By Reid Goldsborough

This election season, the issue of truth versus falsity has been taken to new heights - or, perhaps, depths. The online world also has a history of misinformation, disinformation, urban myths, rumors, conspiracy theories, and deception. But just as the internet is a fount of falsehood, it's also a source of tools for verifying statements and alleged facts. Some helpful sites include:

Keep in mind, anybody can play expert online, and many do. You frequently see, for instance, lay people playing lawyer, offering legal opinions about complicated subjects and advising others on what's legal and what's not when it's clear all they've done is Googled to find a statute or court case. Then there are the outright lies and similar statements that show no regard for the truth or falsity of the matter, only the agendas and biases of those behind them. 

As a reader, it's good to be skeptical, not cynical, about information you come across and don't believe everything you read.

In asking yourself "Is it true?" also ask:

  • Who's behind the information? Different sources employ different levels of thoroughness in research and fact-checking and different levels of objectivity.
  • Why is the person or organization presenting the information? Individuals and organizations often have agendas, sometimes explicit, sometimes hidden. Advocacy groups and companies, for instance, have different reasons for putting out information than news organizations.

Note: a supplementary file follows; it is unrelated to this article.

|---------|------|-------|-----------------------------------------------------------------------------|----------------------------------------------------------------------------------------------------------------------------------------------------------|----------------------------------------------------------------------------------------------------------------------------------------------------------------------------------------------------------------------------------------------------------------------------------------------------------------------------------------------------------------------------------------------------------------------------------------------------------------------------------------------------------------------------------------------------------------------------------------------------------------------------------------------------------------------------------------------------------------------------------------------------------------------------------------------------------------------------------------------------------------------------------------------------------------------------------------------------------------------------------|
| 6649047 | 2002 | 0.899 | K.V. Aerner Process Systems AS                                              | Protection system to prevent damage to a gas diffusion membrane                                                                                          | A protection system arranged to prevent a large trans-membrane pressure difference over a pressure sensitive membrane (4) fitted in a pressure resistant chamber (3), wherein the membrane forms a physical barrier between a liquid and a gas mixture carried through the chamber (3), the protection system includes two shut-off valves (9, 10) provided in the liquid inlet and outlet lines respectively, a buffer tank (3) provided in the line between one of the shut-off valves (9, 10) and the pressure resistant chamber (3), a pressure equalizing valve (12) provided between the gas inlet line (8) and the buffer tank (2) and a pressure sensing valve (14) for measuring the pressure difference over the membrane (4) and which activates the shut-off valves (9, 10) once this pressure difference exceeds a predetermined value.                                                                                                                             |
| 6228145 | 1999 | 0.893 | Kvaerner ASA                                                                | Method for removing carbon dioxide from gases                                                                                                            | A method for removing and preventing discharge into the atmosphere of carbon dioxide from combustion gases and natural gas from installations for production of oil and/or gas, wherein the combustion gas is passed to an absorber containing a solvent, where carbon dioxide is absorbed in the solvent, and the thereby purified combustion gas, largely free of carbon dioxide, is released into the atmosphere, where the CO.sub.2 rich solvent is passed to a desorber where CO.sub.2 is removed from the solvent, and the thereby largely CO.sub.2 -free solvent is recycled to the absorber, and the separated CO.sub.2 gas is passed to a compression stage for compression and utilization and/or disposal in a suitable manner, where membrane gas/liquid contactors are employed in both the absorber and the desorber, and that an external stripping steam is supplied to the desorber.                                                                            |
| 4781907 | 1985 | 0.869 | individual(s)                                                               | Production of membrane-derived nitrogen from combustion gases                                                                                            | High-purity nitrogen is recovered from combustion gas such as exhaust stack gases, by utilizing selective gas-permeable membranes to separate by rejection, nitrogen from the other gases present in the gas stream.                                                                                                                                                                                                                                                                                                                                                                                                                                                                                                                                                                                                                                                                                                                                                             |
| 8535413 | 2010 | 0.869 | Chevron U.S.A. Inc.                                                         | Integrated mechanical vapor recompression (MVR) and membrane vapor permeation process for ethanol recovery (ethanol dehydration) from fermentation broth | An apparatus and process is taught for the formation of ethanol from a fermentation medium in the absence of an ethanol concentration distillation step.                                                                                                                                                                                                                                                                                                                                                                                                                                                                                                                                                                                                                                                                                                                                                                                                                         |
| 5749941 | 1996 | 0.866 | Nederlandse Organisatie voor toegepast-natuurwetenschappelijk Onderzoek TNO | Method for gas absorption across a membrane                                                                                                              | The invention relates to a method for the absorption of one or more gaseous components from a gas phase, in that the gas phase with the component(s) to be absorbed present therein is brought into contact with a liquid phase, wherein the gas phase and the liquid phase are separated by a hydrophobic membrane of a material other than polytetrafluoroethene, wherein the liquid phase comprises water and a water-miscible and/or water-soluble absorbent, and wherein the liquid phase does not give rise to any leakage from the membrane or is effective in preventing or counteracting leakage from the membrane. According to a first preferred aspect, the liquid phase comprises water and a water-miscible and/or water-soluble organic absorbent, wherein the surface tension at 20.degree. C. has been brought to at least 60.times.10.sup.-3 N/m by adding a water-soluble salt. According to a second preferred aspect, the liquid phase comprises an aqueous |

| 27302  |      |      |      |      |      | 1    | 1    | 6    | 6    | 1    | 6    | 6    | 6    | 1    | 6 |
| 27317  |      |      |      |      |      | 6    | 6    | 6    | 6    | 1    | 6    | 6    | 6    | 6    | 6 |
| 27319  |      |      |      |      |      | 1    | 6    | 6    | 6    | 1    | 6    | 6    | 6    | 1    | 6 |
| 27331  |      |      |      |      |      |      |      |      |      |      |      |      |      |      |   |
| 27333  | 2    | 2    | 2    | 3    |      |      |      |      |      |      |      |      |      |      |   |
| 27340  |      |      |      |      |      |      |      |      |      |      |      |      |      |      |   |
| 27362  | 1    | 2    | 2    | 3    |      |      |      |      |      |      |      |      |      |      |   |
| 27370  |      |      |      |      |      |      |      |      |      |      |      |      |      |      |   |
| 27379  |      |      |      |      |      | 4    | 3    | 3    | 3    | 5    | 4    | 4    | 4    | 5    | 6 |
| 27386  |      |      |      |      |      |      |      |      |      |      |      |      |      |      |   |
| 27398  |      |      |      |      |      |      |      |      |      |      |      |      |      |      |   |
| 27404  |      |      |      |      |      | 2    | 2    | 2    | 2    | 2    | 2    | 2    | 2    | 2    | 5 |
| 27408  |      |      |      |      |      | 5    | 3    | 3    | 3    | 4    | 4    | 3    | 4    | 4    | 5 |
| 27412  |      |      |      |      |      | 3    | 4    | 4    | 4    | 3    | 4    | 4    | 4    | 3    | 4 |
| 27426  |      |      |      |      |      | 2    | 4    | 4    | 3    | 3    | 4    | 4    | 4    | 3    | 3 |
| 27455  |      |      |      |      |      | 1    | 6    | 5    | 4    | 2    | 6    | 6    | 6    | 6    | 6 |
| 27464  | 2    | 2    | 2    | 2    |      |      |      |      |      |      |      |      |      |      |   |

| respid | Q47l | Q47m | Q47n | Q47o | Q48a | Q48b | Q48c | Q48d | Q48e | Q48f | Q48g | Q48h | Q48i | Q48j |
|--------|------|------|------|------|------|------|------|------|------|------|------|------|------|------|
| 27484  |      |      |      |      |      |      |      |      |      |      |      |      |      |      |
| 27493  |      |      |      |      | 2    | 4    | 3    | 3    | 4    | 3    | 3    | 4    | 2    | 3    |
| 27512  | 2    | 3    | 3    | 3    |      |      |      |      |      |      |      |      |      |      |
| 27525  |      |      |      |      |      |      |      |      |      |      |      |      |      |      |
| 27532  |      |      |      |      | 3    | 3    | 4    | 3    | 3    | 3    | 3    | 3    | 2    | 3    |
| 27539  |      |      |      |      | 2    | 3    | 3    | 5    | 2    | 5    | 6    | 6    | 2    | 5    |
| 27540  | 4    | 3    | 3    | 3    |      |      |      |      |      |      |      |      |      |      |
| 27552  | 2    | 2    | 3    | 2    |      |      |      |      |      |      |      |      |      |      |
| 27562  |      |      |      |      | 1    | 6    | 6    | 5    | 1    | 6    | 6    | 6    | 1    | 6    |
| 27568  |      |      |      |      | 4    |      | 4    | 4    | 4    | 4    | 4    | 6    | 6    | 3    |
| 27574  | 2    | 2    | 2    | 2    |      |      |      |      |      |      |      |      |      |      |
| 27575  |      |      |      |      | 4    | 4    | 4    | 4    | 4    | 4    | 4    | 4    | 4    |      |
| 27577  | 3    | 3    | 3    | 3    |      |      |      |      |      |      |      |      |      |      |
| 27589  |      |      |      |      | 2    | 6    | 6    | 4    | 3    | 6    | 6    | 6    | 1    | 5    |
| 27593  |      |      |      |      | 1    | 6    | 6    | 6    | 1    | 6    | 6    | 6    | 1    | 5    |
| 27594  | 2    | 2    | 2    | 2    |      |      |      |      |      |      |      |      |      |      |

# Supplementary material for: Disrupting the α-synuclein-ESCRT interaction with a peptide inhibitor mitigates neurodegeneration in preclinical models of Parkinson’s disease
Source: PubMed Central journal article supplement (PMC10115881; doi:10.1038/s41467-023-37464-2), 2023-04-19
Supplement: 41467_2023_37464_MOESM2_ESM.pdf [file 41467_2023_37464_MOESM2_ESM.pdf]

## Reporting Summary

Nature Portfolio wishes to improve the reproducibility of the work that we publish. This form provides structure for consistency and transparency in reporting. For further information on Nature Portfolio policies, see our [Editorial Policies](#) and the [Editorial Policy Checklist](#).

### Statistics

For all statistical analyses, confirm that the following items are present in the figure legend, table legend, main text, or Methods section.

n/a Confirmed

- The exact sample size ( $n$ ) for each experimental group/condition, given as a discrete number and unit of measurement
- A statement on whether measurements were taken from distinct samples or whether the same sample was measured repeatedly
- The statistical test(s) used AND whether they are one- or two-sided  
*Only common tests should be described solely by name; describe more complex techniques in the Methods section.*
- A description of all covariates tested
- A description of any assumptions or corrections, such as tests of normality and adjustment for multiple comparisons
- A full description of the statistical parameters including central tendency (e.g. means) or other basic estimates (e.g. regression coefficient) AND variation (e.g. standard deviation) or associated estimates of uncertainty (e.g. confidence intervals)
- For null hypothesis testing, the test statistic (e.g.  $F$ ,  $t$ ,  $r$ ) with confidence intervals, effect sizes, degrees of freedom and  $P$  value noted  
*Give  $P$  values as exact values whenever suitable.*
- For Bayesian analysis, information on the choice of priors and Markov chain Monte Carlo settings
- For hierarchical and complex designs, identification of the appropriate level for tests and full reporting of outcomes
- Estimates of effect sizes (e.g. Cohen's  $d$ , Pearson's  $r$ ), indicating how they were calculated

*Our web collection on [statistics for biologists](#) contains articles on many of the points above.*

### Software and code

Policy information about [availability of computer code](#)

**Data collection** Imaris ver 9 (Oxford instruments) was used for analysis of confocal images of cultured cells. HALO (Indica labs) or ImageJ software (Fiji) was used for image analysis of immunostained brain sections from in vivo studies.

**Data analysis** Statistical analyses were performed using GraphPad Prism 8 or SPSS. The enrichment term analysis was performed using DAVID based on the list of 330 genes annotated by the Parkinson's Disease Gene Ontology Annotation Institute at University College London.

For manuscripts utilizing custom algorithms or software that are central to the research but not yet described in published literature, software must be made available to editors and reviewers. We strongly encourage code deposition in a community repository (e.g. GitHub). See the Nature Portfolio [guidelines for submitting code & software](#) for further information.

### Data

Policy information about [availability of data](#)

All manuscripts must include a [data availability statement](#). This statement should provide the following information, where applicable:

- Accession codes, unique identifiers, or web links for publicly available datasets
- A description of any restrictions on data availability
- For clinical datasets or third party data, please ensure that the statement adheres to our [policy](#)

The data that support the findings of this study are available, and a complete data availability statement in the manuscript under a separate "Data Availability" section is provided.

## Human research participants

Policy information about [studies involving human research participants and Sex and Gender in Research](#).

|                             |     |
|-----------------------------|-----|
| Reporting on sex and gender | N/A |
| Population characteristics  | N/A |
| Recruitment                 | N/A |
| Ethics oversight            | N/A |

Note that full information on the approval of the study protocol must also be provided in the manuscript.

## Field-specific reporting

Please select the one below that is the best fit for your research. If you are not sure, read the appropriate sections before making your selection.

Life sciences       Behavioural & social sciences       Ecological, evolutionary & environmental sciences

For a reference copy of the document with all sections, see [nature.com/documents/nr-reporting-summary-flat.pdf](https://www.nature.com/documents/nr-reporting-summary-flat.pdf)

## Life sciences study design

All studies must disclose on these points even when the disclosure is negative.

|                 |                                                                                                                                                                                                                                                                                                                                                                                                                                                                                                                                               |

• Is the information paid for? Ads and advertorials are inherently less reliable than other information.
  • Does the information diverge from my current understanding? If it diverges widely and might affect an important business, health, or family decision, try to verify the same information with at least two other sources. Your local librarian can be a valuable resource here.
  • Is the information new or old? A lot of deadwood data is floating around in cyberspace at websites that haven't been updated in several years. If the site doesn't include a "Last updated" line or otherwise date its content, check out some of its links. If more than a few are no longer working, the information at the site might no longer be up-to-date either.

Whether online or off, the byword is, and likely always will remain, caveat lector: Let the reader beware.